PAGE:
Legendary fund manager Peter Lynch once said that you shouldn't invest in any idea you couldn't illustrate with a crayon.
Though I'm not much for crayons, I do love the pithiness of that line. We regularly preach the same idea at the Fool: Don't buy what you don't understand. And if you can't simply sketch out a company's business model -- how it actually makes money -- then maybe you shouldn't be investing in it.
If you live in an urban area and you need a prescription filled, chances are you have a few options to choose from. I'm a Rite Aid (NYS: RAD) kinda guy myself. I was recently out of town and looking for somewhere to get some toiletries -- and a quick search on my smartphone revealed that there were no Rite Aid locations nearby. That got me wondering whether the chain is as widespread as I'd thought, as well as how it makes money. Let's take a look. (Note: I'm focusing on revenues here, not earnings.)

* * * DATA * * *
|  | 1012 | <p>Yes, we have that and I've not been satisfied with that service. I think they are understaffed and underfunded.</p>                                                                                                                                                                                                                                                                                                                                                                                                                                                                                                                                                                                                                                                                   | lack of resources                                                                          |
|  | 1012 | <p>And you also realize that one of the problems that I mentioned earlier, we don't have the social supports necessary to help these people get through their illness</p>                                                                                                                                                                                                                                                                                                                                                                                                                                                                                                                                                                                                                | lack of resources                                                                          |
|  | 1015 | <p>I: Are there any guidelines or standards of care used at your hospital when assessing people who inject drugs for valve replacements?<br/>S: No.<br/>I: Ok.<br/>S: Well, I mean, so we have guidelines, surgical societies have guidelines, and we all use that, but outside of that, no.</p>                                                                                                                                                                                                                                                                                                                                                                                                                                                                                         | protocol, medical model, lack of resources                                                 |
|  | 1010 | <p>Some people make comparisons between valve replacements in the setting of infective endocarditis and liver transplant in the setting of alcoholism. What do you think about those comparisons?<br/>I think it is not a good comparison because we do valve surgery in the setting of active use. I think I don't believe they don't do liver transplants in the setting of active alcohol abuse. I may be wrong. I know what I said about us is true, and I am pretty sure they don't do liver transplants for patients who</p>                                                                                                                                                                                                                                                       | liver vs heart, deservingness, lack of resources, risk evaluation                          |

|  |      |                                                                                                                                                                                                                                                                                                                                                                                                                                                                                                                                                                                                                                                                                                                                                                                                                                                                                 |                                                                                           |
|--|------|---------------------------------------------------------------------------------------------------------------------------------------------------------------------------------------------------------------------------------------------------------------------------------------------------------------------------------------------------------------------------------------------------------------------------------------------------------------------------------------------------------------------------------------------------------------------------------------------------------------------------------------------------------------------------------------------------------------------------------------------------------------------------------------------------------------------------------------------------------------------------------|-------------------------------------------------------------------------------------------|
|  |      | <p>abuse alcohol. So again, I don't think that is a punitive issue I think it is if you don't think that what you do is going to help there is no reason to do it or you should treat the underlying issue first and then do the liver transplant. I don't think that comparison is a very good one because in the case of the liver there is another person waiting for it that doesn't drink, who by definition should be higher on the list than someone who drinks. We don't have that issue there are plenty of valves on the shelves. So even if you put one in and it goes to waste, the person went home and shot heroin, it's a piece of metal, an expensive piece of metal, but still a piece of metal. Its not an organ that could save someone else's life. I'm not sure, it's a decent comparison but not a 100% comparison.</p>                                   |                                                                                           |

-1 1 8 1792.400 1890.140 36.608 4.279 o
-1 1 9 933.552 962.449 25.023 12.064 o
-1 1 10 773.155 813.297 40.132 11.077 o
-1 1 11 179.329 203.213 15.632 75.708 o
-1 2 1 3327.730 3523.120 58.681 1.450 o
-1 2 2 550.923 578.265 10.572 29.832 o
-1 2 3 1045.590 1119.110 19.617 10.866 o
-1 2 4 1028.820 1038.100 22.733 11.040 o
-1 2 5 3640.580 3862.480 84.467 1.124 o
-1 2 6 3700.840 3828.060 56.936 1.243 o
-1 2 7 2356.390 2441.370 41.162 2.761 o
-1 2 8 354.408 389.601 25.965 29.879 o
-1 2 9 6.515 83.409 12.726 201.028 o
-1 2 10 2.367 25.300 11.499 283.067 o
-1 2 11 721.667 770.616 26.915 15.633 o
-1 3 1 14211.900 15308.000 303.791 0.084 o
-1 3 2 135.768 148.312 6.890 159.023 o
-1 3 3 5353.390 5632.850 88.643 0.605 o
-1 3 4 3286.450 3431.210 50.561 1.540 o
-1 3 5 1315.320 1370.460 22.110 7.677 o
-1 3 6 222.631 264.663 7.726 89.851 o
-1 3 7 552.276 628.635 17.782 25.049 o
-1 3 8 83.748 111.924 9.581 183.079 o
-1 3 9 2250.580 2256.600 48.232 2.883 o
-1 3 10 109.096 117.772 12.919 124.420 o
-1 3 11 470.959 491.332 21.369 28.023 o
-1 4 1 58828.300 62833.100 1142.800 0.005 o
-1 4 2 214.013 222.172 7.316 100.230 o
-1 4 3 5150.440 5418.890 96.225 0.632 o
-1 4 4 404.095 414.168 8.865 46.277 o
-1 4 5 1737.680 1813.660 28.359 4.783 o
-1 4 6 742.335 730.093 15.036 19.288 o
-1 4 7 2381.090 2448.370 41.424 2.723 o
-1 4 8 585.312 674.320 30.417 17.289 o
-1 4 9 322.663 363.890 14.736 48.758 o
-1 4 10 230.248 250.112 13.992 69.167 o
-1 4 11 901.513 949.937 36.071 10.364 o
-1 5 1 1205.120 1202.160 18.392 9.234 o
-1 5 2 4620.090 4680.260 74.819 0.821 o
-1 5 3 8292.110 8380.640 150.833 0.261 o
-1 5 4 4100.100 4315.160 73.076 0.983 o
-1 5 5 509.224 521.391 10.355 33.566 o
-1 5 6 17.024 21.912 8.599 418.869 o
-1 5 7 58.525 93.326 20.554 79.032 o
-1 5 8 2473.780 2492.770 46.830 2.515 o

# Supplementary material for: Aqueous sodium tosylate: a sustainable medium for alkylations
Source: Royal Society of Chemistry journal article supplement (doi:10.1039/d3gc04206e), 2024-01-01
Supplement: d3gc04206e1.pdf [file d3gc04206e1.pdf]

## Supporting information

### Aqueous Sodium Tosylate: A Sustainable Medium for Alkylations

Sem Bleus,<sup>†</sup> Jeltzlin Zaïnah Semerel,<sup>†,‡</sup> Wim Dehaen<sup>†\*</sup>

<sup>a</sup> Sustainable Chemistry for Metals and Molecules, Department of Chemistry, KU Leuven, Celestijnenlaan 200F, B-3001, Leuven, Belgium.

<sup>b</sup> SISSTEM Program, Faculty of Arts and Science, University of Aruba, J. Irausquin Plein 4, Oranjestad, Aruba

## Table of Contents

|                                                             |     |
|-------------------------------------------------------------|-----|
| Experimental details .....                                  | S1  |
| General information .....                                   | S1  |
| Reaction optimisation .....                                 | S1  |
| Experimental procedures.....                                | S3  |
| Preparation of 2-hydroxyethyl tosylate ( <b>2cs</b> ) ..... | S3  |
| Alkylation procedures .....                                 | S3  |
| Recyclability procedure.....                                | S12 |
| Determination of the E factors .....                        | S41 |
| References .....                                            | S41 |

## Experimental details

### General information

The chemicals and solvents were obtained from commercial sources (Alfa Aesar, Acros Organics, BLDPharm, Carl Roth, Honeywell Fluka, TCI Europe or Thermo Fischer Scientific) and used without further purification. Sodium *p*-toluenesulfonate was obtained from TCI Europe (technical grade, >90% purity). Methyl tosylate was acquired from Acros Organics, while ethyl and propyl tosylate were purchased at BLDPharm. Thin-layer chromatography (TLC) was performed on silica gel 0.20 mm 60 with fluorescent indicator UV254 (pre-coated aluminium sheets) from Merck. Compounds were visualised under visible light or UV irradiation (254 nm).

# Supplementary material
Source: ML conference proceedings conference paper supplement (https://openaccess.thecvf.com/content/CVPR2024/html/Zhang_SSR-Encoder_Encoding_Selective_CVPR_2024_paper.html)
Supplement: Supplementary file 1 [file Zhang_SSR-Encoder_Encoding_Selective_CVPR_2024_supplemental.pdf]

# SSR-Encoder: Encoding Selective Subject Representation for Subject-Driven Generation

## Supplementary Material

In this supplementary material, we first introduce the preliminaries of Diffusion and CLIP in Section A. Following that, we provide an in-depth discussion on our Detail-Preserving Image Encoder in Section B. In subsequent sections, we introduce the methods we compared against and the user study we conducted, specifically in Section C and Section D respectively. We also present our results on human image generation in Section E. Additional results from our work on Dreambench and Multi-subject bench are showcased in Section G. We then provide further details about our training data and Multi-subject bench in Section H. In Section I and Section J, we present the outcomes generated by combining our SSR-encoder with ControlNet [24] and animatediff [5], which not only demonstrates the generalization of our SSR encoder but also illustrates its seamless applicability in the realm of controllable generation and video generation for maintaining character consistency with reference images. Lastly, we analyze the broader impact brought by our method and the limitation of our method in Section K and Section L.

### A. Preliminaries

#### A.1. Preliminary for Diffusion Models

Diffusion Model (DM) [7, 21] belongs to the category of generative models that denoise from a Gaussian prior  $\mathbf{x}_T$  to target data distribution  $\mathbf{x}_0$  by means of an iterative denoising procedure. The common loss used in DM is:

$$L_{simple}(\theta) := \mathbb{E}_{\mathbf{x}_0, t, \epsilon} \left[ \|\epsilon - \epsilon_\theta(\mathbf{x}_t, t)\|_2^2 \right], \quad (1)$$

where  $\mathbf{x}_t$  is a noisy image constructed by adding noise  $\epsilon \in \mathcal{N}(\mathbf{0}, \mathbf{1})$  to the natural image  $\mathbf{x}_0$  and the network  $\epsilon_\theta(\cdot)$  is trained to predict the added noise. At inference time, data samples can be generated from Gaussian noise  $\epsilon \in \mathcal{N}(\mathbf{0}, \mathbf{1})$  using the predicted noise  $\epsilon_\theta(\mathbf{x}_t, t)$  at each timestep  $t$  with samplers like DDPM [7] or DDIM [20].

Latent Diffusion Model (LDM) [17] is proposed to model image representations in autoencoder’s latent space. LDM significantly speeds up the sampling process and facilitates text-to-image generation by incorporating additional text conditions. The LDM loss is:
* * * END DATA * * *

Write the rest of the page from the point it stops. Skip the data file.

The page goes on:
Source: Rite Aid 2011 10-K.
Think I missed something in this illustration? General thoughts on this exercise? Let me know in the comments section below. And if you haven't already, be sure to follow our Rite Aid news and commentary using the Fool's free new My Watchlist tool.
At the time thisarticle was published Fool.com graphics/photo/art editor Dari FitzGerald doesn't own shares of Rite Aid. Try any of our Foolish newsletter services free for 30 days. We Fools don't all hold the same opinions, but we all believe that considering a diverse range of insightsmakes us better investors. The Motley Fool has a disclosure policy.
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